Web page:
Over the past 10 sessions, oil and the have moved in opposite directions as often as they've risen or fallen together.
This may tempt some to conclude that the market has ceased to be so reliant on oil. But such wags should know that a handful of sessions does not a trend reversal make. And when those sessions are considered within the context of recent history, a different picture emerges.
To wit: The 60-session correlation between crude and the S&P rose to 0.62 on Tuesday. That's the highest the measure has been since September 2012.
Many things impact the S&P's moves, of course. But oil appears to have outsized influence.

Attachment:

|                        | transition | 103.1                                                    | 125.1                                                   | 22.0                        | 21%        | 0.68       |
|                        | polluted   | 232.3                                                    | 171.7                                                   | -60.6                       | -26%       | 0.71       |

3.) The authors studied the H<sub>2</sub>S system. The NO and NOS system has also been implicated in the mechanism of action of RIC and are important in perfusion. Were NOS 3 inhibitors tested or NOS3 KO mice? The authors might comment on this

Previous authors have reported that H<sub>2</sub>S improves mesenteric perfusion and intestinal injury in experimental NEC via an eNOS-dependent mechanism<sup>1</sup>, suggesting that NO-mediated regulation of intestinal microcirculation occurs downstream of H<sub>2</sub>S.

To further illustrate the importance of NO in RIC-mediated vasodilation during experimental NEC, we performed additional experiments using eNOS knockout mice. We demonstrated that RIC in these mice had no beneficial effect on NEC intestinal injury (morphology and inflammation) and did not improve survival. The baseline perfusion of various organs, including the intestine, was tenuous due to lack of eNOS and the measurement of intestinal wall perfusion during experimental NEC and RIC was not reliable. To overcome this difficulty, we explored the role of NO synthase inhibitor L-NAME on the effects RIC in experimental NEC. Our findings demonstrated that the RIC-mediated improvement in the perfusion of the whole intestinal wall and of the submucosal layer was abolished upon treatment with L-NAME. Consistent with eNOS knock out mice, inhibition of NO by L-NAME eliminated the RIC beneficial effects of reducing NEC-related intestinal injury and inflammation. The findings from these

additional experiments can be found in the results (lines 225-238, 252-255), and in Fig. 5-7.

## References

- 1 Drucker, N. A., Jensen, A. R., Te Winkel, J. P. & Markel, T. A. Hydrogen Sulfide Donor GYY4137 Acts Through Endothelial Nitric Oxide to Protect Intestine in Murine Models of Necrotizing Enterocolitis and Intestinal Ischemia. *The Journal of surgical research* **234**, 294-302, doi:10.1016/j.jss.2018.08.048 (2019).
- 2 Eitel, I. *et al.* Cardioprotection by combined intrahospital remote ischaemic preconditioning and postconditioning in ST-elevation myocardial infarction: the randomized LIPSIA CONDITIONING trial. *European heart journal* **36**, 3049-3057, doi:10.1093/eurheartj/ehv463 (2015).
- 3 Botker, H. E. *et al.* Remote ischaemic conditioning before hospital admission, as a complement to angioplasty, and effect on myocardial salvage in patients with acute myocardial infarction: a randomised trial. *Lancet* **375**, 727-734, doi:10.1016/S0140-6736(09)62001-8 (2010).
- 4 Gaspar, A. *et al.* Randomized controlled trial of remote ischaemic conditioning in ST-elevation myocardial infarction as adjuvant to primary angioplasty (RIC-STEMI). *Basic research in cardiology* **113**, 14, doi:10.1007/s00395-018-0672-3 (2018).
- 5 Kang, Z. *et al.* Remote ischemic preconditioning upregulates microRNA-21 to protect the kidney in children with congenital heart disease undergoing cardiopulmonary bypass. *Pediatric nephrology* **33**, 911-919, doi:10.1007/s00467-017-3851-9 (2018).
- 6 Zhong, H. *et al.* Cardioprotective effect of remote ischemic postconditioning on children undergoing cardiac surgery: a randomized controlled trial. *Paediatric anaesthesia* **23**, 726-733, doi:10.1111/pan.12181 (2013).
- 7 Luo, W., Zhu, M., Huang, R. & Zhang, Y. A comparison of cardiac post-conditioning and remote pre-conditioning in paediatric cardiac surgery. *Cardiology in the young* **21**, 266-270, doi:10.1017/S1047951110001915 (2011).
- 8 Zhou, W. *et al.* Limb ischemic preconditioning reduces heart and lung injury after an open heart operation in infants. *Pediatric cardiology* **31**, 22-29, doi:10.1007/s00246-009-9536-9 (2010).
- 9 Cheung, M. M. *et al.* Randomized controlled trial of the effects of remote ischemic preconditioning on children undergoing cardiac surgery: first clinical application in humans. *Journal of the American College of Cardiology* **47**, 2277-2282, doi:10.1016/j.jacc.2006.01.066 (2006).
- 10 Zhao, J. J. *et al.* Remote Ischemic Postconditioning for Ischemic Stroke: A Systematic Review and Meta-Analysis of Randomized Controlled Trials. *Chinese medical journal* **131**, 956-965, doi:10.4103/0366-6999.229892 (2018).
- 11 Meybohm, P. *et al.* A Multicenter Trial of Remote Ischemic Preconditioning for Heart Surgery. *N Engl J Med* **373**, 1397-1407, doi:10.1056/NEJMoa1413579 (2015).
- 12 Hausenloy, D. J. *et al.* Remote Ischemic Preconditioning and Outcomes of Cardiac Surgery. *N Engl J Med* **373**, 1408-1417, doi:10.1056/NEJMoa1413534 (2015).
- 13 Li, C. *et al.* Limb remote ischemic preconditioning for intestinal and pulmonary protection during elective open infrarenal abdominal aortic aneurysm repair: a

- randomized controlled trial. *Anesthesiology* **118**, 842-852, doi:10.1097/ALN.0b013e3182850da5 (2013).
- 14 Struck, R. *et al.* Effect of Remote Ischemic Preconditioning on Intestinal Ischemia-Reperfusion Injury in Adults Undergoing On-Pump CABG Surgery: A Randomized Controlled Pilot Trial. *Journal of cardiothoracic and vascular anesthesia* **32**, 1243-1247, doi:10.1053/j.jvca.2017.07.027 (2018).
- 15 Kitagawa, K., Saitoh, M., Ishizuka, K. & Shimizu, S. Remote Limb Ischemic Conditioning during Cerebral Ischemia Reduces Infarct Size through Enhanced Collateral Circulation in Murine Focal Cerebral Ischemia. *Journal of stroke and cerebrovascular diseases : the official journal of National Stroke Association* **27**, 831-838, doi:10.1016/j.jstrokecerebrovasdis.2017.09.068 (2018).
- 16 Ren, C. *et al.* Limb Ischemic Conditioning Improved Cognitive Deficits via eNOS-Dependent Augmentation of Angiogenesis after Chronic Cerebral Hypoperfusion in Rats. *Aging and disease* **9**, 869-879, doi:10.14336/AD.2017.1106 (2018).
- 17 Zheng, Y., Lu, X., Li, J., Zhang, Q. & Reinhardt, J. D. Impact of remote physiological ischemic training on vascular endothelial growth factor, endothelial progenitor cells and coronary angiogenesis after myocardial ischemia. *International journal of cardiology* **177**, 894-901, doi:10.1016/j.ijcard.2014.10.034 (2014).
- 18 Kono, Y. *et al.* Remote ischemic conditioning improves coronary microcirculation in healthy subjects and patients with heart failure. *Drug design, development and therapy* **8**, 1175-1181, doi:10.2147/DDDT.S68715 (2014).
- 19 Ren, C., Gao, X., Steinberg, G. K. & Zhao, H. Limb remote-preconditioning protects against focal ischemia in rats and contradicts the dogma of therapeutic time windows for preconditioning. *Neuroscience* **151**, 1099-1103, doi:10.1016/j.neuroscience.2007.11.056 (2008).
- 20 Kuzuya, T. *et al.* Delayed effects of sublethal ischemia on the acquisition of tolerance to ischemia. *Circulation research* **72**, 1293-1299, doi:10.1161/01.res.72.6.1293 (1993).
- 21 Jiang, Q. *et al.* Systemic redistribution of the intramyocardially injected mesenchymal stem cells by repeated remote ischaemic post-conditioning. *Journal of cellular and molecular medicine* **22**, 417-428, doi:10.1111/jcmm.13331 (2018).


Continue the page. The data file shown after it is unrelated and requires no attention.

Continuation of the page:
Over the course of 2016, the correlation between the daily moves of oil and the S&P has been 0.56. That compares with 0.46 for the S&P and the 10-year Treasury yield, and 0.21 for the S&P and the dollar index. (Correlations run from -1 to 1, with 0 indicating no relationship, and 1 indicating perfect concert.)
What's striking is how much more closely oil and stocks have been trading over the past 60 sessions versus the 60 previous sessions. The correlation has doubled.
As the chart above shows, correlations change over time, so it would be folly to expect the relationship between crude and stocks to be maintained.
However, those who say that oil and stocks are breaking apart merely because they've moved in different directions in recent days may be jumping to a conclusion.